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Is 'Expired' Food Really Unsafe to Eat?

Is 'Expired' Food Really Unsafe to Eat?
(Copyright DPC)

By    |   Sunday, 22 November 2015 11:36 PM

We’ve all done it: Taken the milk out of the fridge, noticed the “sell-by” date has passed, and given it a sniff to see if it’s still good. The question is: Are you putting yourself at risk by consuming milk and other foods that have passed their “expiration” date?

The answer, health experts say, is often no — depending on how much time has passed since that date and what type of food you’re eating.

In fact, Consumer Reports estimates that for every dollar Americans spend on food, about 10 cents’ worth is unnecessarily tossed into the trash. That adds up to about $1,500 of wasted food per year for an average family of four, according to the U.S. Department of Agriculture.

The primary reason: Misconceptions about what date labels on food packages — “sell by,” “use by,” “best by,” and the like.

“Most consumers don’t realize that they’re really more about food quality than food safety,” says Robert Gravani, a professor of food science at Cornell University, in the current issue of the magazine.

While food may not be at its best after those dates — in terms of freshness or taste — most can be safely consumed days or even weeks after the label suggests it is past its "expiration” date. And the sniff test is often an acceptable way to determine if an “expired food” is still good.

“Foodborne illness comes from contamination, not from the natural process of decay,” says Dana Gunders, a staff scientist at the Natural Resources Defense Council and the author of “Waste-Free Kitchen Handbook.” “And our senses are well-equipped to recognize decay.”

Foods that spoil, become rancid, or moldy are likely to look, smell, and taste bad before they actually become unsafe to eat, experts note.

Federal laws don’t require foods to carry a date label except for infant formula, and even that stipulation is based on nutritional quality, not safety. Several states have labeling regulations, but the guidelines vary.

To help guide consumers, USDA offers the following general labeling definitions:
  • Sell-by: This is the date by which food manufacturers recommend retailers remove products from store shelves. You shouldn't buy anything from a store after this day (also known as the "expiration date"). But a food in your fridge or pantry that is so dated is, in all likelihood, still edible days or even weeks afterward (depending on what it is).
  • Use by: This is the last day that a food manufacturer will guarantee a product's quality and freshness, but it does not mean the food is unsafe or should be discarded after this date.
  • Best if used by: The flavor or quality of a food product may not be as good after this day. But it may still be OK to eat.
Manufacturers typically decide on dates and terms based on their own product testing, according to Consumer Reports. But they tend to be conservative.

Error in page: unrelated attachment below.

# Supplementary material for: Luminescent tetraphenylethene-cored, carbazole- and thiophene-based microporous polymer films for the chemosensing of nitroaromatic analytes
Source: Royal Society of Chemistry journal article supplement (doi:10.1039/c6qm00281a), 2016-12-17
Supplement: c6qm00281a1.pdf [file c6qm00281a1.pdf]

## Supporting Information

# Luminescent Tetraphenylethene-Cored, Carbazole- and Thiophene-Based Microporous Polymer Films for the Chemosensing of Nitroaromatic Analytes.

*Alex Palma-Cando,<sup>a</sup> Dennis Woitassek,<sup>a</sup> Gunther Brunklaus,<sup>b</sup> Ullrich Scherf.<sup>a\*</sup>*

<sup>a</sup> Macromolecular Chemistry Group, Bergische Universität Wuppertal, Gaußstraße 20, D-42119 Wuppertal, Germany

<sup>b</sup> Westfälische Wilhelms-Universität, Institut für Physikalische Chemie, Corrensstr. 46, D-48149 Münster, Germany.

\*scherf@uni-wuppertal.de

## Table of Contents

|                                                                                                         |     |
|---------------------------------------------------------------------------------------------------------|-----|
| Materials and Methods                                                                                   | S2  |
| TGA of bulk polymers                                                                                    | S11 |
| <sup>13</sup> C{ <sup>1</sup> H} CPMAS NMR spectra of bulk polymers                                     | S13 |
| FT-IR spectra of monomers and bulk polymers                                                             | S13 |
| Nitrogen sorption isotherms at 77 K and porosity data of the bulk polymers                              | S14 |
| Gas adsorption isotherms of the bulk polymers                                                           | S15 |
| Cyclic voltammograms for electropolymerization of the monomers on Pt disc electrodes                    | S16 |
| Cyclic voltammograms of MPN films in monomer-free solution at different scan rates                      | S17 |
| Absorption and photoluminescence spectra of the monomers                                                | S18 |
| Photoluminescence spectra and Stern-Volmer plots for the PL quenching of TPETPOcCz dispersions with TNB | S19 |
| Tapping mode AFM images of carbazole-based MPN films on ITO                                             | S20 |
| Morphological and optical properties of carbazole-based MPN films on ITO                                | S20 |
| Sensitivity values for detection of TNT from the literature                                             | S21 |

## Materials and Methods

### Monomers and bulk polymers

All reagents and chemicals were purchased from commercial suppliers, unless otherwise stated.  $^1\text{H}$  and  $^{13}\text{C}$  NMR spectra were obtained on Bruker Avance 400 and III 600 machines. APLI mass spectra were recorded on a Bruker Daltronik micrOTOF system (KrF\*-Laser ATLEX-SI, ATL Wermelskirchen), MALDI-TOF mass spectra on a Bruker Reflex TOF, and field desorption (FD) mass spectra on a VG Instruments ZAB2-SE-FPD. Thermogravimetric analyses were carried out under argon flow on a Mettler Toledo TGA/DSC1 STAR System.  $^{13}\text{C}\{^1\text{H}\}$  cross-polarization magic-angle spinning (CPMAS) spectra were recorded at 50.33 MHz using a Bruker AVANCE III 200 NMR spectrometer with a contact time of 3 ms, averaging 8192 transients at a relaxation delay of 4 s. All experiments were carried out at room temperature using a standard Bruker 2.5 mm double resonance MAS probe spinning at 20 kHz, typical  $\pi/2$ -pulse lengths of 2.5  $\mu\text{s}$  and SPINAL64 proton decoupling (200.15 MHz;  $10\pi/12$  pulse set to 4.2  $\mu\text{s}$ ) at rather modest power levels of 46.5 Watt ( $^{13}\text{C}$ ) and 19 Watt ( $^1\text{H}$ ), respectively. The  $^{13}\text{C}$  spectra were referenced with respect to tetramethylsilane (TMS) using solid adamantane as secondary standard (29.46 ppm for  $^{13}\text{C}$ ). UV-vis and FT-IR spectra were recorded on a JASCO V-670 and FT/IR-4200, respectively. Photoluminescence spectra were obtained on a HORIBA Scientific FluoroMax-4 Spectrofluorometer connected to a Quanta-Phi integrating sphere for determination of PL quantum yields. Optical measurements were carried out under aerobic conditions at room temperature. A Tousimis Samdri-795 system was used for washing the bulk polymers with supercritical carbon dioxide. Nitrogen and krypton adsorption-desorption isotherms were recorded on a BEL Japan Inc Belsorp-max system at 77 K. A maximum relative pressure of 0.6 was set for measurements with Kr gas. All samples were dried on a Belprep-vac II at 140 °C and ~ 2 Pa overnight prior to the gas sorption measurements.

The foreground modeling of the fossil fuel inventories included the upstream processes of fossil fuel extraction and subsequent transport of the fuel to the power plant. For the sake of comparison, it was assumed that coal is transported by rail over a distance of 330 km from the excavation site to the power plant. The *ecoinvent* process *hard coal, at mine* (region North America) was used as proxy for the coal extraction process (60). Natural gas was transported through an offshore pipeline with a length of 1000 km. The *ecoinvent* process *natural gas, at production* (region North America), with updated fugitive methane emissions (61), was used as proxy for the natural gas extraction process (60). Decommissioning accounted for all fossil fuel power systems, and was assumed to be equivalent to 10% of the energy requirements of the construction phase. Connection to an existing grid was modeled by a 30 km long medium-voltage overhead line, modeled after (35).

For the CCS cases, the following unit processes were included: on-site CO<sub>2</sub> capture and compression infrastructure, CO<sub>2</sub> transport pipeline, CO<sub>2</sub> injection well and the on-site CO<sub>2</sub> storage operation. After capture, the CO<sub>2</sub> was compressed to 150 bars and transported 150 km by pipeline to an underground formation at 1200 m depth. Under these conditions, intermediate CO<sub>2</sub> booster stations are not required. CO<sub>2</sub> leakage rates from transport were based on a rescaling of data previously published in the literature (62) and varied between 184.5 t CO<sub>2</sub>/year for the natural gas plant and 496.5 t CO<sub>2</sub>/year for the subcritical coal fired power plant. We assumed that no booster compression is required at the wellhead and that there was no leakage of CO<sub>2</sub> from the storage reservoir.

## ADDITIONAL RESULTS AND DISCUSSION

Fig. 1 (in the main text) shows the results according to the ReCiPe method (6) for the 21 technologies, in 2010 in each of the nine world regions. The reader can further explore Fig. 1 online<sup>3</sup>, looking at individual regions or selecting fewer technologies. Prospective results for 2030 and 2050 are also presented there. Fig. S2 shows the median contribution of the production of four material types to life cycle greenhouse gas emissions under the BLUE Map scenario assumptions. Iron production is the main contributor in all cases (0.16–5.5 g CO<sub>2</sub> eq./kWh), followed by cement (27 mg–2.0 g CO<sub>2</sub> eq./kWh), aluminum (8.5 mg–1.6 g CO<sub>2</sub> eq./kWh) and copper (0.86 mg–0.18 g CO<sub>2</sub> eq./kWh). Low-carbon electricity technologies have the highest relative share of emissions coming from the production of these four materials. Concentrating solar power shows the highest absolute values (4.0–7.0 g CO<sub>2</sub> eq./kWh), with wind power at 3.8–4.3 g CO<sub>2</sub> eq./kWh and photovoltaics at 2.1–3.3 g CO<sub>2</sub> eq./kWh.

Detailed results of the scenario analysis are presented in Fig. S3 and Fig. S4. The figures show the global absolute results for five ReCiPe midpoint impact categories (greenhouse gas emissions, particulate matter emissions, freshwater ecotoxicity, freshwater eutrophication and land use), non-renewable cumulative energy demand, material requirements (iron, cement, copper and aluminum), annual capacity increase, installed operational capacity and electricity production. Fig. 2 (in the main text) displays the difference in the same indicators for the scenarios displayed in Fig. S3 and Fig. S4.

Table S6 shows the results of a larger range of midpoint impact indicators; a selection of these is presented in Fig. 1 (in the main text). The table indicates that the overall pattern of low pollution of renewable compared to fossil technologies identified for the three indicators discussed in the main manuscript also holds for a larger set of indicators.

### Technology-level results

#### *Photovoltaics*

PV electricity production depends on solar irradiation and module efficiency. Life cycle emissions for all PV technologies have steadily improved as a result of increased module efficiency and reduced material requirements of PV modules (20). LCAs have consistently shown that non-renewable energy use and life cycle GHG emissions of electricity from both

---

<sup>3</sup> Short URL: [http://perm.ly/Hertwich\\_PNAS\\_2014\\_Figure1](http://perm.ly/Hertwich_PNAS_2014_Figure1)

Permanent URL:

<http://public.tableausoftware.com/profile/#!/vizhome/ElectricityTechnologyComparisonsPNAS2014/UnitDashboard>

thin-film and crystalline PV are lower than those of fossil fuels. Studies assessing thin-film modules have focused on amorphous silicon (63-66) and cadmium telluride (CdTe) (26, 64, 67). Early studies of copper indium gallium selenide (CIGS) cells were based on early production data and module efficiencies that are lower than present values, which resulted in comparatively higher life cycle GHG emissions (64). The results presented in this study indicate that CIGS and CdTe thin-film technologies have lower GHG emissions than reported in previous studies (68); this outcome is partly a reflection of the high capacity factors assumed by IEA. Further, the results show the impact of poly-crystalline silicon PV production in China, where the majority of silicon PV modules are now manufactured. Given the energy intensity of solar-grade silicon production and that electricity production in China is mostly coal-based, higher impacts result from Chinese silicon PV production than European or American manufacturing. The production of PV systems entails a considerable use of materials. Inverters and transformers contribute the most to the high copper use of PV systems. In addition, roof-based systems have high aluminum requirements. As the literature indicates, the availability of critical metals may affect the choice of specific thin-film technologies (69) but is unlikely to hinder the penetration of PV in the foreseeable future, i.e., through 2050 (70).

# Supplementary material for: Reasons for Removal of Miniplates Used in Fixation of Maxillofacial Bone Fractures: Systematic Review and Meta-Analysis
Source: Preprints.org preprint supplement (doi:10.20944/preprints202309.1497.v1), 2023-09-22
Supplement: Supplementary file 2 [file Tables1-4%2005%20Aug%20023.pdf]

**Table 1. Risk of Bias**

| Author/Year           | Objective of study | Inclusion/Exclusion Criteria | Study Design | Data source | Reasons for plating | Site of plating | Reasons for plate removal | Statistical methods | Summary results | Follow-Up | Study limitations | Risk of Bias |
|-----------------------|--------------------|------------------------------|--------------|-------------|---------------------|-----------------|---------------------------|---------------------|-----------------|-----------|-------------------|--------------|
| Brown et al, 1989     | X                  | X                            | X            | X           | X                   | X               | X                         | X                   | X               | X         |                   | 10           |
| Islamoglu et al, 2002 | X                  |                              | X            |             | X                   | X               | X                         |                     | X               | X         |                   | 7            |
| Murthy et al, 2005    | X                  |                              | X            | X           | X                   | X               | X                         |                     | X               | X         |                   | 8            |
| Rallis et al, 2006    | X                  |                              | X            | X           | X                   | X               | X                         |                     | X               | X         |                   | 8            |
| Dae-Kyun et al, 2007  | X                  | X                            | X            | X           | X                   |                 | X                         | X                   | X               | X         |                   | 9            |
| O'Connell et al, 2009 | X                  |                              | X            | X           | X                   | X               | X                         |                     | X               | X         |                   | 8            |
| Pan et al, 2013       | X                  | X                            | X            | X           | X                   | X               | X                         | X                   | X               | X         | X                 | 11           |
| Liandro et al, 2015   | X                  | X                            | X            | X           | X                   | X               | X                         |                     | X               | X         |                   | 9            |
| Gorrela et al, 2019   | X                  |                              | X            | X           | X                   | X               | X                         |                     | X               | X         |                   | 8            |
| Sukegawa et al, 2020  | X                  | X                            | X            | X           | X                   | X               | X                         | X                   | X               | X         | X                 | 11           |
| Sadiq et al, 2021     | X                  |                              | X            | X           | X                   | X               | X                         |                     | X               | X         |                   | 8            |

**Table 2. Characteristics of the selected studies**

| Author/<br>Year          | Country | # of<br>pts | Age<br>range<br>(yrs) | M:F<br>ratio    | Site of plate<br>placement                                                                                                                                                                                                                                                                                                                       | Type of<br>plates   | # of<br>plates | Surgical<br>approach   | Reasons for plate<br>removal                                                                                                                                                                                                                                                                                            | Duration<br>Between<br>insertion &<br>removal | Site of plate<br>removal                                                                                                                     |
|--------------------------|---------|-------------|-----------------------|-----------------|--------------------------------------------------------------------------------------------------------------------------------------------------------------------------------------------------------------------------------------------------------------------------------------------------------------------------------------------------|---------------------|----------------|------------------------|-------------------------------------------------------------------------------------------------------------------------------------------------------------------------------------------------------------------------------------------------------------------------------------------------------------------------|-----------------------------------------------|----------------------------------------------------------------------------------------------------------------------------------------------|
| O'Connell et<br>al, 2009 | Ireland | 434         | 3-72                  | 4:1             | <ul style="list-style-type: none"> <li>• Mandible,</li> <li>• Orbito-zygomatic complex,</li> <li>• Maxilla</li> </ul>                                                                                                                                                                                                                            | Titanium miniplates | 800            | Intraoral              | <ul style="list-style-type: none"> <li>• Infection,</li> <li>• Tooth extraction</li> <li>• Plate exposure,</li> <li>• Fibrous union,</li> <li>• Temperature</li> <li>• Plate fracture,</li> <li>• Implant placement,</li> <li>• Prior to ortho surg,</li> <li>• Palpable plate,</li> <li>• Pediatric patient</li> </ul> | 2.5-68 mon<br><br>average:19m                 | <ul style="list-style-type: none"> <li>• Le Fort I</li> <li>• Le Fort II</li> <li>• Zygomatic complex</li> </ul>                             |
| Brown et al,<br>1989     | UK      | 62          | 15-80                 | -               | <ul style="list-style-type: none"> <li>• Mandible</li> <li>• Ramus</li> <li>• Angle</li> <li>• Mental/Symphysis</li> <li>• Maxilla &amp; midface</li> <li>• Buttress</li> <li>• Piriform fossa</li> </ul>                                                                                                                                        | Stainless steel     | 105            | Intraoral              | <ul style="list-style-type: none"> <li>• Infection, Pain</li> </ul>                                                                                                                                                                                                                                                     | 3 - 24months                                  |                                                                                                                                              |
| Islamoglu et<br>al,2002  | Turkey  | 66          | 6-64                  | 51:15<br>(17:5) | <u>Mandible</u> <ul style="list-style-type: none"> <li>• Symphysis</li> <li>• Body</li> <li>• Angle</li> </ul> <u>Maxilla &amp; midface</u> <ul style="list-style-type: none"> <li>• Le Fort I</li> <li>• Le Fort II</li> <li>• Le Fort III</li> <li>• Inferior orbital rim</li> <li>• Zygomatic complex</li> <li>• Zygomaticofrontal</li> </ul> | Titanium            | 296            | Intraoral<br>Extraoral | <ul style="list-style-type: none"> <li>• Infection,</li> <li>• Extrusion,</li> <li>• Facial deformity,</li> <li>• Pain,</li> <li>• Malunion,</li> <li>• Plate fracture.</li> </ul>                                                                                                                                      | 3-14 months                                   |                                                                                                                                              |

Ethel Tiersky, a food-safety specialist who runs the nonprofit ShelfLifeAdvice.com Website, has compiled information on hundreds of foods that are safe after expiration dates, based on university studies, government experts, and other reliable food-safety sources.

She tells Newsmax Health that all food products will spoil eventually, of course, but in most cases labels aren't a good indication of when. Here’s a summary of Shelf Life’s findings:

Milk, properly refrigerated, is still good about a week after its "sell-by" date.

Cottage cheese lasts for 10-14 days after the date on the packaging.

Yogurt can be safely eaten up to 10 days after its "sell-by" date; beyond then the live bacterial cultures (which are healthful ingredients) will start to die.

Mayonnaise is still good for a month after its expiration date (unopened) and up to four months after opening. 

Eggs, refrigerated, should last at least three to five weeks after the "sell-by" date.

Canned goods are good to eat long after labeling dates, as long as the can is in good shape. If a can is dented, rusted, or swollen, toss it out.

Many other products — cheese, condiments, butter, margarine, fruit juices — can all be consumed long after the labeling dates suggest. Experts recommend consumers apply some common-sense judgments, when deciding whether to keep or toss a food:
  • Check for spoilage. Mold or discolored appearance can bacterial contamination.
  • Is it appetizing? If the product smells or looks bad, don't eat it.
  • Assessing pantry foods. Shelf-stable goods that contain no moisture or fat last long past the "use-by," so trust your senses of smell and taste to guide your decisions.
  • Combating food-borne illnesses. Most cases of food poisoning are due to improper hand-washing, keeping food at the wrong temperature, insufficient washing of foods, cross-contamination (bringing a food that is served raw in contact with contaminated meats and other items).

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Diet-And-Fitness
Food 'expiration' and 'sell-by' dates don't mean what many consumers think they do. While they may indicate when foods are past their peak, they aren't an indication that food is necessarily spoiled or bad after those dates, health experts note.
expired, food, sell, by, dates, food, label
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Sunday, 22 November 2015 11:36 PM
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